If not you could check out Return to Forever's work: Light as a Feather (post-bop), Romantic Warrior or Hymn of The Seventh Galaxy (jazz mixed with prog and funk/fusion). His solo stuff is a bit hit or miss, but My Spanish Heart (jazz fusion mixed with some classical), Eye of the beholder (fusion), and his work with the Elektric band are pretty good as well.

Omaha
Staff Reviewer
September 9th 2013


10363 Comments


You say you had writers' block on this? Doesn't show one bit, bud. Fluid, exciting writing from you as always. I love how much your writing has improved.

TheCrocodile
September 9th 2013


303 Comments


I like it when the staff is jazzin'

MisterTornado
Contributing Reviewer
September 9th 2013


4507 Comments


wait, this is actually good?

somnolence
September 9th 2013


405 Comments


electroacoustic is misleading here, more-like acoustically infused fusion; contemporary excursions

nice review

WeepingBanana
September 9th 2013


10208 Comments


this guys is mega talented

deathofasalesman
September 9th 2013


5853 Comments


The fact this guy is churning out great stuff this late in the game is amazing.

SgtPepper
Staff Reviewer
September 9th 2013


4453 Comments

Album Rating: 4.4

@jacob
Thank you. that's very kind of you to say. It just took a very long time to get started and write. I knew what i wanted to say, i just couldnt write it down in a manner that i was happy with. All of my ideas sounded bad.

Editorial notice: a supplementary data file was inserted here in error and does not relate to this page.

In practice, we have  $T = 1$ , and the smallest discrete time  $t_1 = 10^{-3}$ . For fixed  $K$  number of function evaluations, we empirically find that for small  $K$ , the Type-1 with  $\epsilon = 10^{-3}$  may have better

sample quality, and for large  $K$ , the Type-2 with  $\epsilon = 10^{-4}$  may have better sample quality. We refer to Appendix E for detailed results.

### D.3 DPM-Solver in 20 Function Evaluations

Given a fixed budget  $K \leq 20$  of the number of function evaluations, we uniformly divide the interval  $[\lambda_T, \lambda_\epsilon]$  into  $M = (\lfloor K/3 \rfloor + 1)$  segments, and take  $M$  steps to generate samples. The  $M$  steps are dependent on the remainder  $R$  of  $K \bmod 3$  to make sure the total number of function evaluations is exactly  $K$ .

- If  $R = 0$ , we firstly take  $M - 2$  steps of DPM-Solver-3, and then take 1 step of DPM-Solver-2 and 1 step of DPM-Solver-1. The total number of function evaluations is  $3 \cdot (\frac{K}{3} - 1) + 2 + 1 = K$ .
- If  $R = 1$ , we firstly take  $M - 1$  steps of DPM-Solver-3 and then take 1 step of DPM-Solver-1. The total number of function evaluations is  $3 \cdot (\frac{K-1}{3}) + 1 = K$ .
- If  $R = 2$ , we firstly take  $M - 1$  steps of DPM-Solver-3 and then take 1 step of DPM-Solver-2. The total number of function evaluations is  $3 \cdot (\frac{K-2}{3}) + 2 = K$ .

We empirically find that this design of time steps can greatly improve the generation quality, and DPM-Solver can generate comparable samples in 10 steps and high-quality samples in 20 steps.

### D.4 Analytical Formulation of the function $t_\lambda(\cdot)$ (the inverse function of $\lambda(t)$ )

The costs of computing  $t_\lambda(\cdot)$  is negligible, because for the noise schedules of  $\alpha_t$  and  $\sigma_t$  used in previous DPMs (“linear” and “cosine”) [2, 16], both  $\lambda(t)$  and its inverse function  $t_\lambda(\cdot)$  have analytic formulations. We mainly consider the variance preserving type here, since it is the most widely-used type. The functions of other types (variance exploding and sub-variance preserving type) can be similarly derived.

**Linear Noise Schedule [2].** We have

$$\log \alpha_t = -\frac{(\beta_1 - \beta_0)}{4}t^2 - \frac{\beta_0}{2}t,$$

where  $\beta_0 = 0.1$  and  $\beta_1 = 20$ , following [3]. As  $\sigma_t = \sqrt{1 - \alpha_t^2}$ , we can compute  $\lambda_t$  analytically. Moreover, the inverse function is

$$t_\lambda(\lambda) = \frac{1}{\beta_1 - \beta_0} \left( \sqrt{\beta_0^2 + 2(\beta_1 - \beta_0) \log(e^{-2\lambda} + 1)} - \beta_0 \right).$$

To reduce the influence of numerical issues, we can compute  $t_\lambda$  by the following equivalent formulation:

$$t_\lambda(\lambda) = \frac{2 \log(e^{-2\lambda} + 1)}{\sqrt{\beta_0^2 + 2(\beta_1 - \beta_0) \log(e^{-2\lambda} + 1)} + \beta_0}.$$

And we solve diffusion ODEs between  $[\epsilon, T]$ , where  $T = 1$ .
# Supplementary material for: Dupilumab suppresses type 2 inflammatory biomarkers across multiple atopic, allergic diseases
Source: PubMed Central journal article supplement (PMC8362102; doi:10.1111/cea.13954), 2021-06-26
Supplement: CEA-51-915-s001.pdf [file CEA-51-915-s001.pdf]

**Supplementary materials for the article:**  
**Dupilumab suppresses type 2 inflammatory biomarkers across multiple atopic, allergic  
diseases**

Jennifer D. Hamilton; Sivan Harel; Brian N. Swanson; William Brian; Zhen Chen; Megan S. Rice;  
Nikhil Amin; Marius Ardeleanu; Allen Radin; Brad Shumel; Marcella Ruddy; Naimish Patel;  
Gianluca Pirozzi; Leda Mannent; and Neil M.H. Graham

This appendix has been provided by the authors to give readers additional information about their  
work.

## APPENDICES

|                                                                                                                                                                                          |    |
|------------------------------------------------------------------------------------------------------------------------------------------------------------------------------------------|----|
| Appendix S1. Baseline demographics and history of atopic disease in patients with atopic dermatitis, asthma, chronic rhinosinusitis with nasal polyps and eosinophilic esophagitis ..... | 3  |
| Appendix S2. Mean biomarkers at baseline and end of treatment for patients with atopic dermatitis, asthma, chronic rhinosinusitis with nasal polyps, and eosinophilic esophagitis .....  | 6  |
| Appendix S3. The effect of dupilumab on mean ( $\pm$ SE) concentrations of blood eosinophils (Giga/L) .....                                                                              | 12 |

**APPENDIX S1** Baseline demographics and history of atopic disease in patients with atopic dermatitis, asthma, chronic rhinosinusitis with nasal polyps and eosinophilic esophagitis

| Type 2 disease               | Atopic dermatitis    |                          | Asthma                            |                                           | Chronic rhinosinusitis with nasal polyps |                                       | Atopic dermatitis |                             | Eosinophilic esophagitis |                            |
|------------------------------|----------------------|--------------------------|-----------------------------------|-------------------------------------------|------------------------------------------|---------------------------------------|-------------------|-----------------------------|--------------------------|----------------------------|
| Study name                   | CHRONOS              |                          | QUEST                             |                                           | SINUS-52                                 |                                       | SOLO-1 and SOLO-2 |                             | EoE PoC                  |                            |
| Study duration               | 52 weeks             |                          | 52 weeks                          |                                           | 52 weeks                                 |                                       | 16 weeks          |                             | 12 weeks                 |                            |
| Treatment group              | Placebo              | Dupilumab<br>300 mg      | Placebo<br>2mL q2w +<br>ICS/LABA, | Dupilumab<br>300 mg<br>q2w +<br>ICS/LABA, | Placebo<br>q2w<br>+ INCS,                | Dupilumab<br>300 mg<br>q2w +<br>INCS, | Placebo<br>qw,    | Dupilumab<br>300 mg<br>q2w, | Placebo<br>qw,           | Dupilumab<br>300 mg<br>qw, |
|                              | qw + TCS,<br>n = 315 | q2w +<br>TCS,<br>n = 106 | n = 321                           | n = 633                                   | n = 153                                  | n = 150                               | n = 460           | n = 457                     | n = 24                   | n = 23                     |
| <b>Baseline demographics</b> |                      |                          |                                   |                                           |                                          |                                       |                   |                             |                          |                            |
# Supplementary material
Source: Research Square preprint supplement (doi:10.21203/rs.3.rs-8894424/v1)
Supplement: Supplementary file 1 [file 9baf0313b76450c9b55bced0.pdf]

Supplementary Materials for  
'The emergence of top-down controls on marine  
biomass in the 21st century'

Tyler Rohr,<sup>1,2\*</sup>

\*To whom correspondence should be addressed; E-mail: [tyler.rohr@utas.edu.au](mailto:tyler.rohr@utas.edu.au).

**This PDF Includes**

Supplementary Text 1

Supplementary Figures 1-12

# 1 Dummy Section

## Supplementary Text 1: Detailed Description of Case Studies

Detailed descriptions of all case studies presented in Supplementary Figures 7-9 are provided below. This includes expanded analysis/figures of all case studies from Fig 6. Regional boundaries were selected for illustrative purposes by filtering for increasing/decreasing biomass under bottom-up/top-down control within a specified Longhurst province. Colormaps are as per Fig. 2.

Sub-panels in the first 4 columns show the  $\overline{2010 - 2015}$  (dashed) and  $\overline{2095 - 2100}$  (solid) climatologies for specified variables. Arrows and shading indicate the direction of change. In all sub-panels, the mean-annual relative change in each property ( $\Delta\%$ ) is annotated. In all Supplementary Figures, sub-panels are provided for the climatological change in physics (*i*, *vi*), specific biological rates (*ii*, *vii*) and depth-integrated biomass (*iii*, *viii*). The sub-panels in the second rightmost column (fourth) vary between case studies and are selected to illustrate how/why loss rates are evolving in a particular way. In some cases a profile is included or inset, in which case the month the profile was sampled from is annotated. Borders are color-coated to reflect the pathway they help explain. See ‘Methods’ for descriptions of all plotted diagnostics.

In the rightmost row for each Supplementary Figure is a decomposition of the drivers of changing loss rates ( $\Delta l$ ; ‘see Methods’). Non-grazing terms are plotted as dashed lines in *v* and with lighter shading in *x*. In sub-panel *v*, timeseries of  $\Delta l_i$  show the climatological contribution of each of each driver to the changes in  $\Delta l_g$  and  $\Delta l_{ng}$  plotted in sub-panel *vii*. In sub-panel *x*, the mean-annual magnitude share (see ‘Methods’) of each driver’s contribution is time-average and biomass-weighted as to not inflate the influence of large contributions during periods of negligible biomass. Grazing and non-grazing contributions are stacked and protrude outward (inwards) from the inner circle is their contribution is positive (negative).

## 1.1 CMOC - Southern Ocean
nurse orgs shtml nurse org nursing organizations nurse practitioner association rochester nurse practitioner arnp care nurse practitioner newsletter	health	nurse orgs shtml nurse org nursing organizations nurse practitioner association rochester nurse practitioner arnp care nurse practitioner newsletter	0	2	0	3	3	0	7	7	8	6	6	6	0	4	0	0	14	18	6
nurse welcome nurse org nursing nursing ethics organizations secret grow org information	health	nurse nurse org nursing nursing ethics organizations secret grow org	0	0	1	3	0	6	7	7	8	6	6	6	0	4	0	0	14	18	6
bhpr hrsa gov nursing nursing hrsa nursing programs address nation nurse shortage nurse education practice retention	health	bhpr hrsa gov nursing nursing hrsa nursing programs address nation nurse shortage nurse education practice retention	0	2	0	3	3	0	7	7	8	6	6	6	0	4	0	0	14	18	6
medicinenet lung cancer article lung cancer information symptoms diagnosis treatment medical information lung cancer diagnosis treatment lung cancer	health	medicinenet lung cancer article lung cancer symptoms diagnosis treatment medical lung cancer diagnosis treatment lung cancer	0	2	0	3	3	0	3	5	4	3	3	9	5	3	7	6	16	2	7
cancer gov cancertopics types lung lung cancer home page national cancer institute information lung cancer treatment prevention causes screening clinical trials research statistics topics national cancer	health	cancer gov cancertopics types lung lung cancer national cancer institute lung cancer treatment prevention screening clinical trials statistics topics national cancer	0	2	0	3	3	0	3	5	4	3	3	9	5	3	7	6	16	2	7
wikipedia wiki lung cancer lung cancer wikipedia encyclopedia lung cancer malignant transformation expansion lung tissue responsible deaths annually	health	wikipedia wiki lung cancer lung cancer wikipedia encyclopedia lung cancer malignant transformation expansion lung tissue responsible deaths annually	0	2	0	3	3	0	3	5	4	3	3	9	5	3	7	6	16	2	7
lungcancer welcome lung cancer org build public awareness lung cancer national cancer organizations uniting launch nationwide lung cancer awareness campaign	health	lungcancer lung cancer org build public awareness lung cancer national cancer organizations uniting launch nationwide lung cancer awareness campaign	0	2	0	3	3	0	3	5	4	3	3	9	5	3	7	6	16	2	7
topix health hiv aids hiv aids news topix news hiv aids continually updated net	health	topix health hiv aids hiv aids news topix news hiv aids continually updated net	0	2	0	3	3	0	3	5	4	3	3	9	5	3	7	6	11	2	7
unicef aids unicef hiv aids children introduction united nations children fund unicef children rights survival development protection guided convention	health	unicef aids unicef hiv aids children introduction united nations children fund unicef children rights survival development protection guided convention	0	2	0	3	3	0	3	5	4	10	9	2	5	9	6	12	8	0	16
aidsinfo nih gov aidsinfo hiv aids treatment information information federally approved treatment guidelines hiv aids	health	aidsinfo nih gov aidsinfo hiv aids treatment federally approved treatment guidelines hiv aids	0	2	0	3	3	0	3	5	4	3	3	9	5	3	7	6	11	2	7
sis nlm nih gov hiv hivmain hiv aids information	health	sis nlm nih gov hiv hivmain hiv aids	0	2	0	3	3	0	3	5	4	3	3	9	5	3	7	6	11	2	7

tommygun
September 9th 2013


25142 Comments


like jacob said, if you had writer's block it certainly doesn't show here

very good review man, enjoyed it a lot

really hitting that perfect balance of conversational and 'flowery'

Digging: Banks - Goddess

tommygun
September 9th 2013


25142 Comments


double up double up

OmairSh
September 9th 2013


11923 Comments


Oh crap a 2013 release?!!!!

Digging: Nusrat Fateh Ali Khan - Mustt Mustt

SgtPepper
Staff Reviewer
September 10th 2013


4453 Comments

Album Rating: 4.4

@Tommy
Thanks, man. I'm steadily trying to write at the level of the other staff members. Getting that perfect balance of conversation and flowery/professional like you mentioned. Slowly, but surely I hope I feel like I'm getting there.

Also, starting to dig AM a bit more. I was listening to it a lot today and I think I'm starting to see the love.

@Omair
Yeah, I don't follow his works as closely as I should, so I found out like a few days after the release. It's a fun listen tough.


tommygun
September 10th 2013


25142 Comments


no doubt man, your last 20-30 pieces have been really great

you're def one of my top 3 fave staffers to read

yeah AM is tight prob settling on a 3.5 - light 4 after a dozen spins

OmairSh
September 10th 2013


11923 Comments


tommy who;re you to judge?

tommygun
September 10th 2013


25142 Comments


to judge what?

SgtPepper
Staff Reviewer
September 10th 2013


4453 Comments

Album Rating: 4.4

Oh, thanks, Tommy. That means a lot.

And yeah, I currently have AM at a 3.2 might bump it up to a 3.6ish. "Arabella" and "One For The Road" have been stuck on my head all day. Everyone is raving about it, but I still dont think it's AOTY material for me personally.

tommygun
September 10th 2013


25142 Comments


yea there's a lot of smooth grooves but it doesn't have that much staying power really

gonna check this album here btw you sold me on it